Which is Better, a Fixed-Rate or Adjustable-Rate Mortgage?Which is the better mortgage, a fixed-rate or an adjustable-rate mortgage (ARM)? Well, that depends on your goals for the loan and your tolerance for potential interest rate increases in the future.
The advantage of an ARM is that the interest rate can often start off much lower than a comparable fixed-rate mortgage. This can mean a much lower payment and lower interest costs compared to a fixed-rate mortgage. However, this also comes with the risk of possible payment increases in the future if interest rates rise. So which is better, fixed or adjustable? Let me give you a few things to think about.
The Longer the Fixed Period, the Higher the RateWe all know there’s no free lunch out there, right? This is as true in the mortgage industry as anywhere else. Here’s a good rule of thumb to remember when evaluating various mortgage options: the longer the fixed period, the higher the interest rate on the loan. This is why the 30-year fixed mortgage usually has the highest interest rate out of all comparable loan options. The bank is shielding you from interest rate increases for the entire 30-year life of the loan, so they’re going to charge the maximum interest rate premium in exchange. These are the most common fixed and adjustable 30-year term mortgage products you’ll likely come across:
|Common Adjustable Rate Mortgages|
|ARM Type||Years Fixed|
|1/1 ARM||Adjustable for the entire life of the loan.|
|5/1 ARM||Fixed for five years, then adjustable for the remaining 25 years.|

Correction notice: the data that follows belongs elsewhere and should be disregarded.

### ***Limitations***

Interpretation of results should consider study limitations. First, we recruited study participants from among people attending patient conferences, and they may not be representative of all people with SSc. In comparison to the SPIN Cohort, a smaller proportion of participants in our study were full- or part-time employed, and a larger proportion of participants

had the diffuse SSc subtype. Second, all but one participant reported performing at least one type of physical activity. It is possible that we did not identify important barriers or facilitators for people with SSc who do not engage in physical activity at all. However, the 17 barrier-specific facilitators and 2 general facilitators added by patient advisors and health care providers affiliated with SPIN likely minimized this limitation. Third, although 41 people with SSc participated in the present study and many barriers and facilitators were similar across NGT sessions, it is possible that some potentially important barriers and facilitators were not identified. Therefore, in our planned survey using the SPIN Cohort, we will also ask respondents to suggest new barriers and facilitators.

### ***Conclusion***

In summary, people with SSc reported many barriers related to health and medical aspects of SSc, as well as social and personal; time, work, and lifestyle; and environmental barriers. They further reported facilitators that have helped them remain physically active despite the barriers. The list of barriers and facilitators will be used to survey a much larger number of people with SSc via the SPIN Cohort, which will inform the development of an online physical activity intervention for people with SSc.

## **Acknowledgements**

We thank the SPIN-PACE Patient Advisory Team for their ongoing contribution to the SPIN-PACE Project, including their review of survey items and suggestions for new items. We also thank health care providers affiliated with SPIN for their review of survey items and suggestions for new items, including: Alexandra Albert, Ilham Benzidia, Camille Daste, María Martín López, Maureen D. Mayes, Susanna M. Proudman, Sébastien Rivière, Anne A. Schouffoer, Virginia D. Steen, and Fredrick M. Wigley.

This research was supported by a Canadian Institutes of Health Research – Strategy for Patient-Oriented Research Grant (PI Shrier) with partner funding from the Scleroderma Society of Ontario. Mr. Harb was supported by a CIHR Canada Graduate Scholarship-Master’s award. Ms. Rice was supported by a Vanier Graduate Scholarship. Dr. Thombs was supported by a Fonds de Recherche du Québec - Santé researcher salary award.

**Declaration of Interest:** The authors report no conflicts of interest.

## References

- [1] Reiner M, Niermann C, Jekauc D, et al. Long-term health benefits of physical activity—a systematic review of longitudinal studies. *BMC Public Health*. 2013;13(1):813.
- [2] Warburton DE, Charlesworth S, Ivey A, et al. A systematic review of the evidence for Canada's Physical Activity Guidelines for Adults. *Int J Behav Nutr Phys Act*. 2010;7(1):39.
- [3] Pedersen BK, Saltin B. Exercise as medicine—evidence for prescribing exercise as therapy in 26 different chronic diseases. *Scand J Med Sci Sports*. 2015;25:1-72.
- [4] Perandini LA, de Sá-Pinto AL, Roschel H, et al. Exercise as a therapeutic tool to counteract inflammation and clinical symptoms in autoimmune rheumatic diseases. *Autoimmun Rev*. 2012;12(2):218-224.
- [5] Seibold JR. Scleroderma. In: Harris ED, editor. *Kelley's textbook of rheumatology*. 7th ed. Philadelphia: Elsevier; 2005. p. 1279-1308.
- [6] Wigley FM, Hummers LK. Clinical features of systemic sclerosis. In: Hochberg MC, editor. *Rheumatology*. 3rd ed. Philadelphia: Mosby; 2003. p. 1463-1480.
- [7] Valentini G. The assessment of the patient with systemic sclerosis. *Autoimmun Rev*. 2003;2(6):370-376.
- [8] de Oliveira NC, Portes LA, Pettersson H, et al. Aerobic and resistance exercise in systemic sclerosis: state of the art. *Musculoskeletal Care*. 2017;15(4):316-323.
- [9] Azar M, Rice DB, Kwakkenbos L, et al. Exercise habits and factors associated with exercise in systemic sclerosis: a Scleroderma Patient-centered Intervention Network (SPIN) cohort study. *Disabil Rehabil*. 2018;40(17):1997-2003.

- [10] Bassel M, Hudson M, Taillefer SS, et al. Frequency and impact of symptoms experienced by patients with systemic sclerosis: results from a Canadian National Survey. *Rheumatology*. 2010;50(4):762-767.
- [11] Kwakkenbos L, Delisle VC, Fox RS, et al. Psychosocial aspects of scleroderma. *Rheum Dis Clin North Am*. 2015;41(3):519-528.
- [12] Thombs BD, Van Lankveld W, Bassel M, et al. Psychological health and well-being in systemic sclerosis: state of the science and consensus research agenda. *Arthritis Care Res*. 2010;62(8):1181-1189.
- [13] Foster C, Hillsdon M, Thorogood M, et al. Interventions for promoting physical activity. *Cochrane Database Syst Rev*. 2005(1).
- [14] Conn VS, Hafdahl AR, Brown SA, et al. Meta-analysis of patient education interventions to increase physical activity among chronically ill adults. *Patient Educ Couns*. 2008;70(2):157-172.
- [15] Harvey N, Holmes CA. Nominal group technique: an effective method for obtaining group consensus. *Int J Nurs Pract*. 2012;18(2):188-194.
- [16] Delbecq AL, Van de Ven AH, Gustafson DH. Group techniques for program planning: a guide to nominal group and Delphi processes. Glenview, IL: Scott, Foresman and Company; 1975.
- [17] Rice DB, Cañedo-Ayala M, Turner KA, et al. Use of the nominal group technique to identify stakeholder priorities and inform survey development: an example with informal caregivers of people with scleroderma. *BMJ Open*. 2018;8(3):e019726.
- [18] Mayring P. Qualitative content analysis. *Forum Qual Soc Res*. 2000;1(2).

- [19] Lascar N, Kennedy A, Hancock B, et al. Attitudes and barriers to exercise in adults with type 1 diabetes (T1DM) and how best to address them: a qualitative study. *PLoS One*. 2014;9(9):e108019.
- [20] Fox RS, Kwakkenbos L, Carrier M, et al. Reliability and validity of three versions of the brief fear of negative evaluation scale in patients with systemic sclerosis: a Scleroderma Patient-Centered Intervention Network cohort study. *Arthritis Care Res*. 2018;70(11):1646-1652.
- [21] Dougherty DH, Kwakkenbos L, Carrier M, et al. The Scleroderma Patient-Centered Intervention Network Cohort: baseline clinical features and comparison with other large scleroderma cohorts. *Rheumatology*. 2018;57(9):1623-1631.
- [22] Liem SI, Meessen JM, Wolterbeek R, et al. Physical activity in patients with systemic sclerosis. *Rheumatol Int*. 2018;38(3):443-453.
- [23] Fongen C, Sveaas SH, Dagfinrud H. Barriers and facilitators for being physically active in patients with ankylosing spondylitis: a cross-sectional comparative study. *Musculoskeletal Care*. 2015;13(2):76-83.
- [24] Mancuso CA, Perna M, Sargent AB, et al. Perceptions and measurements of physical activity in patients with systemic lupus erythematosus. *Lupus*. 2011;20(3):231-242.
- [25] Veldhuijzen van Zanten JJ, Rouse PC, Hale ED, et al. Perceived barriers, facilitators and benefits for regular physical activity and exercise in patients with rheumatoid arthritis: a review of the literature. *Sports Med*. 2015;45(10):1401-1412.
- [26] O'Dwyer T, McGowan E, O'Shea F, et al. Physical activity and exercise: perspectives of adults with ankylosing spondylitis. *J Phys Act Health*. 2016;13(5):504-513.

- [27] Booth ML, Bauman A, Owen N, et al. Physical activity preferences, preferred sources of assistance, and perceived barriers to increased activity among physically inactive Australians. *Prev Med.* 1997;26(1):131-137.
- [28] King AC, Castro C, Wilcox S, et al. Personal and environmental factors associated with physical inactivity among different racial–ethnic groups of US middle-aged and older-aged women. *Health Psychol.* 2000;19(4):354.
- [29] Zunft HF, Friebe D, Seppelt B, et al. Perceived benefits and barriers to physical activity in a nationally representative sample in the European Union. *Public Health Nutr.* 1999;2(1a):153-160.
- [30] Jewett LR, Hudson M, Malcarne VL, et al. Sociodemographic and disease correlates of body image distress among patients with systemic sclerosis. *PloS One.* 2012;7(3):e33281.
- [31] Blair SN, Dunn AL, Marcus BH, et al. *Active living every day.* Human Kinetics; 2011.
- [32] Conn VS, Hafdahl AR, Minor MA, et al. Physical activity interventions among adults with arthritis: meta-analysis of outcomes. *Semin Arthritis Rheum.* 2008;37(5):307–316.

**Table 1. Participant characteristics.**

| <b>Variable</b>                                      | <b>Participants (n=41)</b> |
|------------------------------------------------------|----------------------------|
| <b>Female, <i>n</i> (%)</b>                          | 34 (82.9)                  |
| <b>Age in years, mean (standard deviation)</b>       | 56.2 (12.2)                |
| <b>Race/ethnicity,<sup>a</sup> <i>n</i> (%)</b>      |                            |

|7/1 ARM||Fixed for seven years, then adjustable for the remaining 23 years.|
|10/1 ARM||Fixed for ten years, then adjustable for the remaining 20 years.|
|30-year fixed||Fixed for the entire 30-year term.|
As you go down the list from top to bottom, the interest rate tends to get higher because the fixed period gets longer. Again, the bank charges more if they’re going to shield you from interest rate fluctuations for longer.
How Long Do You Plan to Keep the Loan?When evaluating loan options, the key question is this: how long do you plan to keep the loan? An ARM can make a ton of sense if you know you won’t be keeping the loan for the entire 30-year term. After all, why pay for the security of a 30-year fixed rate if you know you won’t use it?
For example, if you plan to keep the loan for only 5 to 7 years (perhaps you plan to sell the home or pay off the loan in that time), a 5/1 ARM could be a great option. The interest rate can be more than 1% lower than a 30-year fixed and you’re not going to be in the loan long enough to risk substantial rate increases. Depending on the loan amount, the lower rate could make a huge difference in your payment and the cost of the loan over time.
If five years is a little too short, you might consider a 7/1 or 10/1 ARM. The interest rate will be slightly higher than a 5/1 ARM, but still better than a comparable 30-year fixed.
If you do decide to consider a 10/1 ARM, have the lender price out a 30-year fixed loan as well. Rates on 10-year ARMs can sometimes be very comparable to a 30-year fixed, so it might just make sense to go with a 30-year fixed.